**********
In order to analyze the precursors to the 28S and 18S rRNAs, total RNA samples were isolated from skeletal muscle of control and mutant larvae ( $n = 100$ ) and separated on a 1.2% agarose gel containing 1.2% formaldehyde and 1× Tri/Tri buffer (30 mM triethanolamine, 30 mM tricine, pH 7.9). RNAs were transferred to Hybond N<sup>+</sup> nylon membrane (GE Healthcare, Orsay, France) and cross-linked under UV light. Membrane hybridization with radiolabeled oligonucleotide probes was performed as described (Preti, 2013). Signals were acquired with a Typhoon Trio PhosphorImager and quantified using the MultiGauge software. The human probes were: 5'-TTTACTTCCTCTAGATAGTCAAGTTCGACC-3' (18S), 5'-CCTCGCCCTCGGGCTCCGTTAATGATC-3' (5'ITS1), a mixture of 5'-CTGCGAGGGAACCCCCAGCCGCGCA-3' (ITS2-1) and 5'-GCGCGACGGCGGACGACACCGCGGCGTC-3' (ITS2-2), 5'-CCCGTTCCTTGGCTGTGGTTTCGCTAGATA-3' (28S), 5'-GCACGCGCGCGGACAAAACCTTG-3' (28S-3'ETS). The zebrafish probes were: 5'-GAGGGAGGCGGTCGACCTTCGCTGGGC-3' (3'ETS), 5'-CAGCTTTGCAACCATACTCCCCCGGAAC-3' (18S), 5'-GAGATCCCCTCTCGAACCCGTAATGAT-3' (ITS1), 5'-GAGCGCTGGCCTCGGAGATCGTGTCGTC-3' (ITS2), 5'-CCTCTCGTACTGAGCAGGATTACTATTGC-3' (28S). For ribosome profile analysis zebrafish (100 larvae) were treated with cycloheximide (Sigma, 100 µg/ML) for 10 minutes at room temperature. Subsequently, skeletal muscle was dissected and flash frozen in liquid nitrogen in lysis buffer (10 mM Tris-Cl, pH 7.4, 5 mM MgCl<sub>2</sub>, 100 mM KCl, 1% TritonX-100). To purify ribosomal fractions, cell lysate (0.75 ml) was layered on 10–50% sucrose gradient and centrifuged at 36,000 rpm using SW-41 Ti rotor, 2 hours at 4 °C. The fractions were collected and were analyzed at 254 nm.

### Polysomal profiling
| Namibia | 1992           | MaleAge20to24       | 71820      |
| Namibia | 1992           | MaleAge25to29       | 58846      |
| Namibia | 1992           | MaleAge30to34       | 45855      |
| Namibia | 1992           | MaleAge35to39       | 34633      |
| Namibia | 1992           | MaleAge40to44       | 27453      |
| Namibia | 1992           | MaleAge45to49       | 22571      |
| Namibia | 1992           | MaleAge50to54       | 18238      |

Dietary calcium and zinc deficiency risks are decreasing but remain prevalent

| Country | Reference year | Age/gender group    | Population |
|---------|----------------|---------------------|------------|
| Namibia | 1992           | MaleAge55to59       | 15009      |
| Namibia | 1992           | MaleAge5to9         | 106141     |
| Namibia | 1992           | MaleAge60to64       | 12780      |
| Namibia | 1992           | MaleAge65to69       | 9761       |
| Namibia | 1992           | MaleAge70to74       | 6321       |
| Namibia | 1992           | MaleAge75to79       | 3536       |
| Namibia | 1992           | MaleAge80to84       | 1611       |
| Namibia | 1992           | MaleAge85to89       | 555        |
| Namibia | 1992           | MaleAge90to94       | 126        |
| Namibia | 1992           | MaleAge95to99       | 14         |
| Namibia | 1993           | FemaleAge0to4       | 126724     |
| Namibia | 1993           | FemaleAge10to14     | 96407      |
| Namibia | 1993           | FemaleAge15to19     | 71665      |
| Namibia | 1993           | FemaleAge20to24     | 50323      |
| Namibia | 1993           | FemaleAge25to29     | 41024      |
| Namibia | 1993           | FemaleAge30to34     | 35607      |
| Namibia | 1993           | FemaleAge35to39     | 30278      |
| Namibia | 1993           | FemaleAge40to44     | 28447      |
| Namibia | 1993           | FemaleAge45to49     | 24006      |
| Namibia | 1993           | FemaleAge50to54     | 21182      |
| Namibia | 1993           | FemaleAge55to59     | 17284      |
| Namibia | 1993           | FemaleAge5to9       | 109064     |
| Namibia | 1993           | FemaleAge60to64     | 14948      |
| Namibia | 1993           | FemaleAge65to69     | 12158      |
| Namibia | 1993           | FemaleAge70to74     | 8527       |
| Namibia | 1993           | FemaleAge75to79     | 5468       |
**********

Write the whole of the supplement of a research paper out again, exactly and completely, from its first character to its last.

In order to analyze the precursors to the 28S and 18S rRNAs, total RNA samples were isolated from skeletal muscle of control and mutant larvae ( $n = 100$ ) and separated on a 1.2% agarose gel containing 1.2% formaldehyde and 1× Tri/Tri buffer (30 mM triethanolamine, 30 mM tricine, pH 7.9). RNAs were transferred to Hybond N<sup>+</sup> nylon membrane (GE Healthcare, Orsay, France) and cross-linked under UV light. Membrane hybridization with radiolabeled oligonucleotide probes was performed as described (Preti, 2013). Signals were acquired with a Typhoon Trio PhosphorImager and quantified using the MultiGauge software. The human probes were: 5'-TTTACTTCCTCTAGATAGTCAAGTTCGACC-3' (18S), 5'-CCTCGCCCTCGGGCTCCGTTAATGATC-3' (5'ITS1), a mixture of 5'-CTGCGAGGGAACCCCCAGCCGCGCA-3' (ITS2-1) and 5'-GCGCGACGGCGGACGACACCGCGGCGTC-3' (ITS2-2), 5'-CCCGTTCCTTGGCTGTGGTTTCGCTAGATA-3' (28S), 5'-GCACGCGCGCGGACAAAACCTTG-3' (28S-3'ETS). The zebrafish probes were: 5'-GAGGGAGGCGGTCGACCTTCGCTGGGC-3' (3'ETS), 5'-CAGCTTTGCAACCATACTCCCCCGGAAC-3' (18S), 5'-GAGATCCCCTCTCGAACCCGTAATGAT-3' (ITS1), 5'-GAGCGCTGGCCTCGGAGATCGTGTCGTC-3' (ITS2), 5'-CCTCTCGTACTGAGCAGGATTACTATTGC-3' (28S). For ribosome profile analysis zebrafish (100 larvae) were treated with cycloheximide (Sigma, 100 µg/ML) for 10 minutes at room temperature. Subsequently, skeletal muscle was dissected and flash frozen in liquid nitrogen in lysis buffer (10 mM Tris-Cl, pH 7.4, 5 mM MgCl<sub>2</sub>, 100 mM KCl, 1% TritonX-100). To purify ribosomal fractions, cell lysate (0.75 ml) was layered on 10–50% sucrose gradient and centrifuged at 36,000 rpm using SW-41 Ti rotor, 2 hours at 4 °C. The fractions were collected and were analyzed at 254 nm.

### Polysomal profiling
| Namibia | 1992           | MaleAge20to24       | 71820      |
| Namibia | 1992           | MaleAge25to29       | 58846      |
| Namibia | 1992           | MaleAge30to34       | 45855      |
| Namibia | 1992           | MaleAge35to39       | 34633      |
| Namibia | 1992           | MaleAge40to44       | 27453      |
| Namibia | 1992           | MaleAge45to49       | 22571      |
| Namibia | 1992           | MaleAge50to54       | 18238      |

Dietary calcium and zinc deficiency risks are decreasing but remain prevalent

| Country | Reference year | Age/gender group    | Population |
|---------|----------------|---------------------|------------|
| Namibia | 1992           | MaleAge55to59       | 15009      |
| Namibia | 1992           | MaleAge5to9         | 106141     |
| Namibia | 1992           | MaleAge60to64       | 12780      |
| Namibia | 1992           | MaleAge65to69       | 9761       |
| Namibia | 1992           | MaleAge70to74       | 6321       |
| Namibia | 1992           | MaleAge75to79       | 3536       |
| Namibia | 1992           | MaleAge80to84       | 1611       |
| Namibia | 1992           | MaleAge85to89       | 555        |
| Namibia | 1992           | MaleAge90to94       | 126        |
| Namibia | 1992           | MaleAge95to99       | 14         |
| Namibia | 1993           | FemaleAge0to4       | 126724     |
| Namibia | 1993           | FemaleAge10to14     | 96407      |
| Namibia | 1993           | FemaleAge15to19     | 71665      |
| Namibia | 1993           | FemaleAge20to24     | 50323      |
| Namibia | 1993           | FemaleAge25to29     | 41024      |
| Namibia | 1993           | FemaleAge30to34     | 35607      |
| Namibia | 1993           | FemaleAge35to39     | 30278      |
| Namibia | 1993           | FemaleAge40to44     | 28447      |
| Namibia | 1993           | FemaleAge45to49     | 24006      |
| Namibia | 1993           | FemaleAge50to54     | 21182      |
| Namibia | 1993           | FemaleAge55to59     | 17284      |
| Namibia | 1993           | FemaleAge5to9       | 109064     |
| Namibia | 1993           | FemaleAge60to64     | 14948      |
| Namibia | 1993           | FemaleAge65to69     | 12158      |
| Namibia | 1993           | FemaleAge70to74     | 8527       |
| Namibia | 1993           | FemaleAge75to79     | 5468       |